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John McCarrick
Deputy Assistant Secretary, Bureau of Energy Resources
Washington, DC
November 17, 2017

As Prepared for Delivery:

Unknown ObjectFirst I would like to thank Thomas Hardy and the U.S. Trade and Development Agency (USTDA), Karen Harbert and the U.S. Chamber of Commerce Institute for 21st Century Energy, Fred Hutchinson and LNG Allies, and Jay Copan and the 27th World Gas Conference Coordination Team.

We are here today because the U.S. oil and gas landscape has rapidly evolved over the past decade. In ten years the United States has nearly doubled its oil production; increased natural gas production by 40 percent; and transformed from being a natural gas importer to a natural gas exporter, including in liquefied natural gas (LNG).

According to the International Energy Agency’s (IEA) 2017 World Energy Outlook, released this week, the resilience of shale gas and tight oil in the United States cements the U.S. position as the biggest oil and gas producer in the world even at lower prices. Today we are producing 775 billion cubic meters (bcm) of natural gas annually.

According to the U.S. Energy Information Association (EIA), U.S. natural gas production is on its way to nearly 1 trillion cubic meters a year as soon as 2025. The United States’ tremendous energy resource allows us to serve as a faithful and dependable partner in the export and sale of our high-quality and low-cost energy resources, technologies, and services.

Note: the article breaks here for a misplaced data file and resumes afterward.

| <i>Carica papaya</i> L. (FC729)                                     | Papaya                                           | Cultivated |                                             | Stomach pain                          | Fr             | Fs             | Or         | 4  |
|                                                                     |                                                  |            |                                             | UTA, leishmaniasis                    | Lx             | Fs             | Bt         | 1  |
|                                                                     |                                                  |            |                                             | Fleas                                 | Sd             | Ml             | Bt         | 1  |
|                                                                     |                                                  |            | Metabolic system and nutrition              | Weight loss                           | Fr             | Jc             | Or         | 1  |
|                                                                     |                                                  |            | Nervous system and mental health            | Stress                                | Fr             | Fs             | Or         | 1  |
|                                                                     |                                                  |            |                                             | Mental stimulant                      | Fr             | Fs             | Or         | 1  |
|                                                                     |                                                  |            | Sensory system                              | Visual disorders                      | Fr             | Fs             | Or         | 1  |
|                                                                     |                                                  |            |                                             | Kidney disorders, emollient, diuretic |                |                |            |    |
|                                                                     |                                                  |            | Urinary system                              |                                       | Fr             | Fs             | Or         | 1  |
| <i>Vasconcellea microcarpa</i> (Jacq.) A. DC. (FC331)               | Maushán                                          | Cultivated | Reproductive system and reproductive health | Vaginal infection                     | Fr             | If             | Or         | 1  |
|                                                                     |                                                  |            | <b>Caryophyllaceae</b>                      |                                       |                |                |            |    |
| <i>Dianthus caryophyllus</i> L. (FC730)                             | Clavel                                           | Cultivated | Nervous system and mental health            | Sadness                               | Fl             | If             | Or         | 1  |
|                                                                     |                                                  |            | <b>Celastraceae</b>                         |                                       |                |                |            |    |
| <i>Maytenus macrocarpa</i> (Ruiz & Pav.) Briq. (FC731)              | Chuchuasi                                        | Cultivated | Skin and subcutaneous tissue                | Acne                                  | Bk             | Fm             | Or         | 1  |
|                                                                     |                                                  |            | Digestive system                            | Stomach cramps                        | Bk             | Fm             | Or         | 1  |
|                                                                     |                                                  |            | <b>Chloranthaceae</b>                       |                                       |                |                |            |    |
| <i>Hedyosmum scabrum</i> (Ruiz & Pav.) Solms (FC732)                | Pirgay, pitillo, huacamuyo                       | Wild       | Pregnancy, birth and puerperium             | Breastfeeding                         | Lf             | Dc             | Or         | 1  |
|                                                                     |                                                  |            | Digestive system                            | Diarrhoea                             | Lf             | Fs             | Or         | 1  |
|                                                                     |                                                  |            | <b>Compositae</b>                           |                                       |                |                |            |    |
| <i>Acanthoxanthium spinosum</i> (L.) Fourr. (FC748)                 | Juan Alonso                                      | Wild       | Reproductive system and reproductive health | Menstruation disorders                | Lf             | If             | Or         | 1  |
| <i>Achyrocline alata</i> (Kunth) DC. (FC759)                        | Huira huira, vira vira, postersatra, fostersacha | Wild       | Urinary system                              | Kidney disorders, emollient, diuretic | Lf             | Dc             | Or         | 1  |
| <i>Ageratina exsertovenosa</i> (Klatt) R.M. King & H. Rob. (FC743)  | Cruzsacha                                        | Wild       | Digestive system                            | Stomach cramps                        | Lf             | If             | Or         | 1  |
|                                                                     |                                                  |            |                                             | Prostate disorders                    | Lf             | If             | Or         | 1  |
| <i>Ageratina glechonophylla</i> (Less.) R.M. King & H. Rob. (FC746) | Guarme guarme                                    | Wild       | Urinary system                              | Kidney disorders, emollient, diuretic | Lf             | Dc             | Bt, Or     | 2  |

Indeed, in less than two years, more than 200 cargoes have left Sabine Pass reaching more than two dozen countries – with a remarkably global footprint. This has occurred with only one-fifth of U.S. liquefaction in production.

From a U.S. foreign policy perspective, we see enormous opportunities stemming from the U.S. contributions to a rapidly evolving—and globalizing—LNG market. Well-functioning competitive and efficient gas markets strengthen global energy security, foster environmental stewardship, and the economic and commercial interests of the U.S. and our allies and partners.

The bottom line is that the strength of the U.S. energy sector impacts how we approach foreign affairs.

When it comes to energy, the Trump Administration’s foreign policy focuses on three core tenets: opening markets and removing trade barriers; promoting exports of energy supplies, technology, and services; and—importantly—ensuring the economic and energy security of the United States and our allies and partners.

Complementing efforts like USTDA’s new program on U.S. Gas Infrastructure Development, the Bureau of Energy Resources (ENR) at the State Department is working with governments to craft sound regulations and policies as they pursue LNG imports as a partial solution to their energy needs.

For example, we have a team in Croatia this week exploring how we can assist the government with its desired Floating Storage Regasification Unit (FSRU) on Krk Island, which if constructed would help diversify Croatia and Europe’s energy supply, strengthening its energy security.

Of course, U.S. energy exports are just one part of the story.